Does the Code of Hermes inhibit game play?

As the title says, has the code of hermes (as written) gotten in the way of your games in a negative way? Which part?

Has anyone changed/House Ruled the basic Code of Hermes for their game before starting a Saga?

In a 700's game I ran, the PC's helped change some of the basic tenants of it. They added an option that non hermetic wizards could join, die... or be enslaved. (They were dicks, but that made it fun.)

I've seen over the years the clause "Nor will I interfere with the affairs of mundanes and thereby bring ruin upon my sodalis" cause a lot of issues. Prior to 5th, this meant Wizards had to hide away. 5th edition really tried to change that (and I commend the line for that) but the original clause was still there.


(I got this from )

Making your peripheral code - and its interpretation of the Code of Hermes - fit the needs of your area is typically the reason, why new Tribunals are founded (like the Novgorod Tribunal after the Schism war) or planned (like the Lotharingian one in 1220).


In general, I've found the Code to generate play, rather than inhibit it.

It also appears to encourage more subtle solutions than we might otherwise have. Compare perhaps to that other game.

Which other game? There are a few! (oMage? oVampire?)

Another issue I've seen (in the forums here) is that apprentices MUST have 15 years of instruction. There's nothing explicitly saying that that is mandatory. (Edit! The Sundered Eagle has a canonical peripheral code ruling saying Apprenticeship must take 14 years. Other books do not, so far as I can recall.) The various HoH books have some detail on what gauntlets look like, but beyond that? Why not have an apprentice done in 5 years? They can easily have Latin 4, Magic Theory 3, Artes Liberales 1, Scribe 1, and can cast a few level 10 spells. There are social implications for graduating such a "magus", yes. But it's not illegal to do that, barring peripheral code rulings.

As a point in favor, the peripheral code in Thebes actually requires a 14-year teaching cycle. Any apprentices are acquired ONLY at tribunal from the available pool, they're given a check-in testing at the next tribunal, and presented for gauntleting at the tribunal after that. They are often given training in Artes and Greek (maybe Latin) a year or three before that.

I thought the explanation in TSE was actually quite good and made sense. I have no objections to that, where there is a canonical peripheral code ruling.

That expression tends to be a reference to a specific, widely known game, named for giant fire breathing lizards and restrictive underground enviroments, sometimes used to contain prisoners.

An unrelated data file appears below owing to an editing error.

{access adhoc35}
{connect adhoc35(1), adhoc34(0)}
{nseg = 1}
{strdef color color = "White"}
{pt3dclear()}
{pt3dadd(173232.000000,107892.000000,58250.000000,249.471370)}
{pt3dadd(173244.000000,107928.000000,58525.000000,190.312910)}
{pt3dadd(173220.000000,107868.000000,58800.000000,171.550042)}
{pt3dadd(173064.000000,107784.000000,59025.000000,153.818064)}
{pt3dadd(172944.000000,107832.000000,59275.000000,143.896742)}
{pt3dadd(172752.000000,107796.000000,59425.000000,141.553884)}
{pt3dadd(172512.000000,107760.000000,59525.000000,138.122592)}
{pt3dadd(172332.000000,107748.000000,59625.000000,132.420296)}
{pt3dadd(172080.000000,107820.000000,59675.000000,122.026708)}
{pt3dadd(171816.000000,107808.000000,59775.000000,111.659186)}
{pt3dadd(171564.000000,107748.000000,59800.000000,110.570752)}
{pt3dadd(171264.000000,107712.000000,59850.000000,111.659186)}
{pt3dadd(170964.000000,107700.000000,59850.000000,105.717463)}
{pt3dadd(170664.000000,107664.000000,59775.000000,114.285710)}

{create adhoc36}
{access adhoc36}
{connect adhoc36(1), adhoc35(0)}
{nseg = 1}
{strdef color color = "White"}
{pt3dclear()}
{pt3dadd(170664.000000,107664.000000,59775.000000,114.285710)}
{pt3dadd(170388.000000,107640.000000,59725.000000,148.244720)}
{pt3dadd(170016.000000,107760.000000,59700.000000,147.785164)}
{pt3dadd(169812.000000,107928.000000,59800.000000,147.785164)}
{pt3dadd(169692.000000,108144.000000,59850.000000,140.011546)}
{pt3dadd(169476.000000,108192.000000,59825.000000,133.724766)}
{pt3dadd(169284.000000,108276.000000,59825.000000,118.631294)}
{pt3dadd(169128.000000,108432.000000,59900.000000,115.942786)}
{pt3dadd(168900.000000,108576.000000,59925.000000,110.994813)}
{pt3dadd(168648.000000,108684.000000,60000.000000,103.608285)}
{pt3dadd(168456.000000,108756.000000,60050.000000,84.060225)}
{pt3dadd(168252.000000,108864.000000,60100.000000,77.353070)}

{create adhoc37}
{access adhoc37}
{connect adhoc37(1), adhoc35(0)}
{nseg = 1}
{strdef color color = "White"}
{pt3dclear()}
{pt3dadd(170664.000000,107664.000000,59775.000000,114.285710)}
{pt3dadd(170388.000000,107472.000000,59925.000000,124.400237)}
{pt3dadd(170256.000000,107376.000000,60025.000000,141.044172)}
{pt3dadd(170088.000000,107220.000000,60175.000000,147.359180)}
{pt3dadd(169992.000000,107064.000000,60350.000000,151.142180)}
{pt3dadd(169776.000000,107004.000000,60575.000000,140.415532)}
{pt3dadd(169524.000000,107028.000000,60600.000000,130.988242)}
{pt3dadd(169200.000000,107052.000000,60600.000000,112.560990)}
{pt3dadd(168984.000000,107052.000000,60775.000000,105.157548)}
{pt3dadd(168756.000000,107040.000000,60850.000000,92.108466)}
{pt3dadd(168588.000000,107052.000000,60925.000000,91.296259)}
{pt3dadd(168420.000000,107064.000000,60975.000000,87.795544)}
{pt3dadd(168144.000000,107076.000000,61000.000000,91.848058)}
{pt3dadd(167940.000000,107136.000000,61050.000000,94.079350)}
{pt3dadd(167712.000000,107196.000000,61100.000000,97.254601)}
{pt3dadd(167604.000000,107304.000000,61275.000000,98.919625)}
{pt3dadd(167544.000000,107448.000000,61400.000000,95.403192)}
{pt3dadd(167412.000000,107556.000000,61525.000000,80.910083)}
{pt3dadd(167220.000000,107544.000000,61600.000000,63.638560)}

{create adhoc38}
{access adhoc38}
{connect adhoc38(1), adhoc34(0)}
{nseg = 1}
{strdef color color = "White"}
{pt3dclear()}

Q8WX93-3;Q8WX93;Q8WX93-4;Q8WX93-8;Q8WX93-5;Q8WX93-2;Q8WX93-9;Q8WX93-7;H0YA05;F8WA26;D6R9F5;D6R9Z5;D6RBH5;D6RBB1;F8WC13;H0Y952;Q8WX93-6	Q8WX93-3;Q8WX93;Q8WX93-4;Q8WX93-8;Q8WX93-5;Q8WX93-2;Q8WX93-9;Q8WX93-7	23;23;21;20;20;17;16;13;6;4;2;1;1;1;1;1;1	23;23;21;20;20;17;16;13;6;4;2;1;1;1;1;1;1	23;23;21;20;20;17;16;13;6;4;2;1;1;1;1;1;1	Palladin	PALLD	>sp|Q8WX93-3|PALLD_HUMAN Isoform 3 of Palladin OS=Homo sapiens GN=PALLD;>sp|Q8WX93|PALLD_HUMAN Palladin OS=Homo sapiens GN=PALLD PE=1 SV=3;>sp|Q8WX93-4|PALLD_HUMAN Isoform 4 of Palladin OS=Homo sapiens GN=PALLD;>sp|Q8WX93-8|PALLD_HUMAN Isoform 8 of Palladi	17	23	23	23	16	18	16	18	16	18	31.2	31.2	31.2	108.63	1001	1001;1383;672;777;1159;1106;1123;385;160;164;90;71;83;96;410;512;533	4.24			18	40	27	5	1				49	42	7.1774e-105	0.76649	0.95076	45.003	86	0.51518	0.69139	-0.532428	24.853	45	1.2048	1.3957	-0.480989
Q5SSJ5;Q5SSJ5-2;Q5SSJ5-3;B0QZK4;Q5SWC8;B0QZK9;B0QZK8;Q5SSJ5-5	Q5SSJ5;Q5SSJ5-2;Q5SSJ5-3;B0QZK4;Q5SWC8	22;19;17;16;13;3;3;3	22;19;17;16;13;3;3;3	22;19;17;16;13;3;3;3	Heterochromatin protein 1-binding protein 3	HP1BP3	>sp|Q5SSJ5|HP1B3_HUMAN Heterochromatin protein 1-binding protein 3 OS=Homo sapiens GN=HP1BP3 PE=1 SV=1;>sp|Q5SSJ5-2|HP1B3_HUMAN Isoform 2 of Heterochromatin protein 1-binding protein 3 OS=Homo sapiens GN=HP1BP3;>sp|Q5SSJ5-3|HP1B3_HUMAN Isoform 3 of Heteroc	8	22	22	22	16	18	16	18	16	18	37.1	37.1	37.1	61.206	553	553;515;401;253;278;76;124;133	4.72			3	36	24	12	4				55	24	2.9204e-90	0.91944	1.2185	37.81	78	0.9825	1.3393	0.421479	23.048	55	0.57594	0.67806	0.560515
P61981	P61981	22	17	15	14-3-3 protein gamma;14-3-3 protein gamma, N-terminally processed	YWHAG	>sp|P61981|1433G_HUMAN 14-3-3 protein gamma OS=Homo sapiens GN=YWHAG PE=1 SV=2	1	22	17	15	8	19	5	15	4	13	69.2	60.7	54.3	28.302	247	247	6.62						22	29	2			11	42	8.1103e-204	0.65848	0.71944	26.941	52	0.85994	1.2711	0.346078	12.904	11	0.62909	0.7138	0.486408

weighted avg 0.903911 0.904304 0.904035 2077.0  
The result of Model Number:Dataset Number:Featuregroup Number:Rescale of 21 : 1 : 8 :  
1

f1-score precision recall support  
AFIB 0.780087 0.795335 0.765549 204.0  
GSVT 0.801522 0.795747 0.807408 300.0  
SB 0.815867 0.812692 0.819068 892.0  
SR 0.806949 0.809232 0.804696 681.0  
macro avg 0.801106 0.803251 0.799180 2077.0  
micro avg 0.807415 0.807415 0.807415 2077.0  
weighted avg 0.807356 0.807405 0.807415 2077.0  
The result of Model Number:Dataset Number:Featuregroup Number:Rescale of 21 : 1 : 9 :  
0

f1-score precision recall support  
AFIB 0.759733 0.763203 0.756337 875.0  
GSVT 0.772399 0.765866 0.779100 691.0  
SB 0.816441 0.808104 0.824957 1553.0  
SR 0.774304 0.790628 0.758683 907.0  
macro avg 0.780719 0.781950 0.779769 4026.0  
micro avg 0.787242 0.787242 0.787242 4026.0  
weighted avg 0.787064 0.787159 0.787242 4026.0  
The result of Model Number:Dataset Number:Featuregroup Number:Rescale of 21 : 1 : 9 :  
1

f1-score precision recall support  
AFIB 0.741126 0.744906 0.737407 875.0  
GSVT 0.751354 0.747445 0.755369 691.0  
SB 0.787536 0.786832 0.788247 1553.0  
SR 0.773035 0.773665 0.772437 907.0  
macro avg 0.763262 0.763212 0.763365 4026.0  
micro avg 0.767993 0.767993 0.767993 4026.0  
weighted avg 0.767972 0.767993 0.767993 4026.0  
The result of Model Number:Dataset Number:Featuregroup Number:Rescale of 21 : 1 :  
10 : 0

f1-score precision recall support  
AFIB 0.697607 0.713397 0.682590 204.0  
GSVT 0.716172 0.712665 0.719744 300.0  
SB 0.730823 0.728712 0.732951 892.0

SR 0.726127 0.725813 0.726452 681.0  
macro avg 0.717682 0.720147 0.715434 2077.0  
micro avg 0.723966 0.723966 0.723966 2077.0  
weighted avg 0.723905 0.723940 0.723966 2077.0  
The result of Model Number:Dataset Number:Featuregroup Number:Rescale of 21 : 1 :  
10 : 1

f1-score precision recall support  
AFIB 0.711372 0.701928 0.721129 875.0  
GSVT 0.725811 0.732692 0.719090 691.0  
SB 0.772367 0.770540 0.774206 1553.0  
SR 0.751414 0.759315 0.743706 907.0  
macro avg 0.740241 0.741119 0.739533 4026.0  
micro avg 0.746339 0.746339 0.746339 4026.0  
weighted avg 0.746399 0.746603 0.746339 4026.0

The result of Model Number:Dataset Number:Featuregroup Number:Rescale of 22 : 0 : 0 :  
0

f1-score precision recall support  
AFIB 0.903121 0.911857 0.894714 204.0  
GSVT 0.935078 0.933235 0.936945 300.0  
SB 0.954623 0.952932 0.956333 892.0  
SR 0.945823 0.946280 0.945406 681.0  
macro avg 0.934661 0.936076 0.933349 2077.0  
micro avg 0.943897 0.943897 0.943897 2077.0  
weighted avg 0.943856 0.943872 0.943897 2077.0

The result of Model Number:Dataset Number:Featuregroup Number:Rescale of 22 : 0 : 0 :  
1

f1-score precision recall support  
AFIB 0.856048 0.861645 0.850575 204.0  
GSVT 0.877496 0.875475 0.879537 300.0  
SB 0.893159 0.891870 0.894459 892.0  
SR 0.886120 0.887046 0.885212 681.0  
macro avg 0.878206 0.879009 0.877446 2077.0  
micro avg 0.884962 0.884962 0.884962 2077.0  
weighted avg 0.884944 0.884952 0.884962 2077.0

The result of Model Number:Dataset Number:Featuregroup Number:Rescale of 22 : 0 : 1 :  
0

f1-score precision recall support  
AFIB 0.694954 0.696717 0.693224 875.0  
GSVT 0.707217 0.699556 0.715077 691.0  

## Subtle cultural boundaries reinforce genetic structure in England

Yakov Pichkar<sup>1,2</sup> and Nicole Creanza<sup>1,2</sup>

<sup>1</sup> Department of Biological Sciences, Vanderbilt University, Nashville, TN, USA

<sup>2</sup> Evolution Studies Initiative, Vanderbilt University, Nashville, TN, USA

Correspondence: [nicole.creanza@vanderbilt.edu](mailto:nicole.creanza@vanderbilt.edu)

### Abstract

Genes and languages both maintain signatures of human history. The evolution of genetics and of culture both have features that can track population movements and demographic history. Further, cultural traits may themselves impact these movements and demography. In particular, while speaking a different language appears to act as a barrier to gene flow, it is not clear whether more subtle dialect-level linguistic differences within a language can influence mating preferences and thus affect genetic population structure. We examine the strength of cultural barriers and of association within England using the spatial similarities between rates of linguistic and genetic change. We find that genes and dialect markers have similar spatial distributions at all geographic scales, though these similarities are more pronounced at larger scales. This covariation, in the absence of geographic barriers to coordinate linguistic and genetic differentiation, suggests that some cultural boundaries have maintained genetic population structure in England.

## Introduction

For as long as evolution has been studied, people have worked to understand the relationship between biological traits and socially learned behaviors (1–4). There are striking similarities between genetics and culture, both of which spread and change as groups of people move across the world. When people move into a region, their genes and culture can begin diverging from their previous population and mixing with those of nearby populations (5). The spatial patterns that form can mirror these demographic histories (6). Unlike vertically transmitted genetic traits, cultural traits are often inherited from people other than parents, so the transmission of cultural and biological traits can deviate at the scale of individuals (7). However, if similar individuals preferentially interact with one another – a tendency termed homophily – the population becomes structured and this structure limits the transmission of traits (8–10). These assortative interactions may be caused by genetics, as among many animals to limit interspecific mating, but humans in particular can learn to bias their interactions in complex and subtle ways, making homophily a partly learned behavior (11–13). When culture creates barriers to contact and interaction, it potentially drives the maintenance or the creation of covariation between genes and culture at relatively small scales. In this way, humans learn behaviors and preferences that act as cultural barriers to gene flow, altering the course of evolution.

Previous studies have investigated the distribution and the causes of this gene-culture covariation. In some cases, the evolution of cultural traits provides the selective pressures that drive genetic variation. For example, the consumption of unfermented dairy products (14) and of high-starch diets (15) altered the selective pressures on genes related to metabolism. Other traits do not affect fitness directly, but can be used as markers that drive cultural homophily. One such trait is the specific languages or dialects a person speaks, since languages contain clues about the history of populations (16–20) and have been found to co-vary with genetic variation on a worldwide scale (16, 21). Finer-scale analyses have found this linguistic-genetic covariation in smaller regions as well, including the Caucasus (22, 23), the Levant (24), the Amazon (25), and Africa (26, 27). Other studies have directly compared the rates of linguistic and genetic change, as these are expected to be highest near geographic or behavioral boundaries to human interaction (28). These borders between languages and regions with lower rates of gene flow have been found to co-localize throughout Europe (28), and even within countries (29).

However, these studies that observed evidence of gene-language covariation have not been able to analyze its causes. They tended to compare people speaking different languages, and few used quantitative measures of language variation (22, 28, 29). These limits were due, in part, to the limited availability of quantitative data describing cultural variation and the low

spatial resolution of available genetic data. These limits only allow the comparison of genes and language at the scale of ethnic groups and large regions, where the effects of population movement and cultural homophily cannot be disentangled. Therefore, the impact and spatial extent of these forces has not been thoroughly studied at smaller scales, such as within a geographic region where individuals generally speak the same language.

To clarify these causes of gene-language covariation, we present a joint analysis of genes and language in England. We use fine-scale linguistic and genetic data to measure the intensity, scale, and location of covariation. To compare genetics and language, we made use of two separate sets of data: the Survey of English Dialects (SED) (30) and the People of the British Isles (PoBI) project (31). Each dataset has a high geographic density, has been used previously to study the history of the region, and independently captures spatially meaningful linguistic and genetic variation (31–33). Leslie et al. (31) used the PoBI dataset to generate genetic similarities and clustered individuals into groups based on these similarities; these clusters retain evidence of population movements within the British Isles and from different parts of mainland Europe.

You have - of course - read both The Founder's End (HoH: TL, p. 8) and the notes of the Code of Hermes in the Guernicus chapter of the same book (HoH:TL, p. 52-53)?
If it was purely for the skills, I've seen covenants so organized that apprentices had those skills before their Arts were opened, but so what?
They have the right to 15 years of apprenticeship.

HoH:TL doesn't say an apprentice has to have 15 years of apprenticeship. Both core and HoH:TL state the magus must teach them at least one season per year, and that is an entitlement of an apprentice. After 15 years, the magus is expected to test them, and it's a low crime to maintain them for longer then that (barring some exceptions, of course).

Bonisagus's story does make for an apocryphal story. It is not law.

Well, there is this...

...which is the first sentence of the apprenticeship section of the character design chapter.

It doesn't say that that's carved in stone in the list of the Ars Magica commandments, but I think it's clear enough to cover pretty much all cases (also on that chapter there isn't also any reference to the childhood's 5 years to be mandatory). Of course then there can be issues, like Tytali slaying their parents and thus being considered gauntled and welcomed by the rest of the house, or magi dying while being parens, or Tormenting Parens that think character's apprenticeship isn't over, or whatever.

IMS if anyone comes with a character design claiming that their apprenticheship lasted anything different to 15 years I would just require the 15 years XPs and spell levels to be spent as in the character creation rules, and then just add whatever they say to justify that as character background story. You are a Tytalus that killed his master at age of 13, after 3 years of training? Cool! Then show me you picked the Poor Parens flaw, that you have a cool reputation in the house and mechanically just consider that your apprenticeship lasted 15 years anyway, with you spending most of the time learning stuff on your own, replacing seasons working for your master with seasons spent servicing other magi to gain access to their teachings or their library.

Besides that I think the 15 years rule will probably be in each Tribunal's Pheriferical Codes. It balances the service magi can expect from apprentiches, ensures them 15 seasons of study and more important gives the order 15 years to decide if that young punk deserves to be taught Parma or to be burnt down on the spot.

My main house rule is to de-emphasize certamen and restrict its role in settling legal outcomes. Certamen is one of the few game mechanics i just plain don't like, no offense.

There is the code as written and the code as enforced. That in itself should give you leeway in any campaign to make it suit your needs.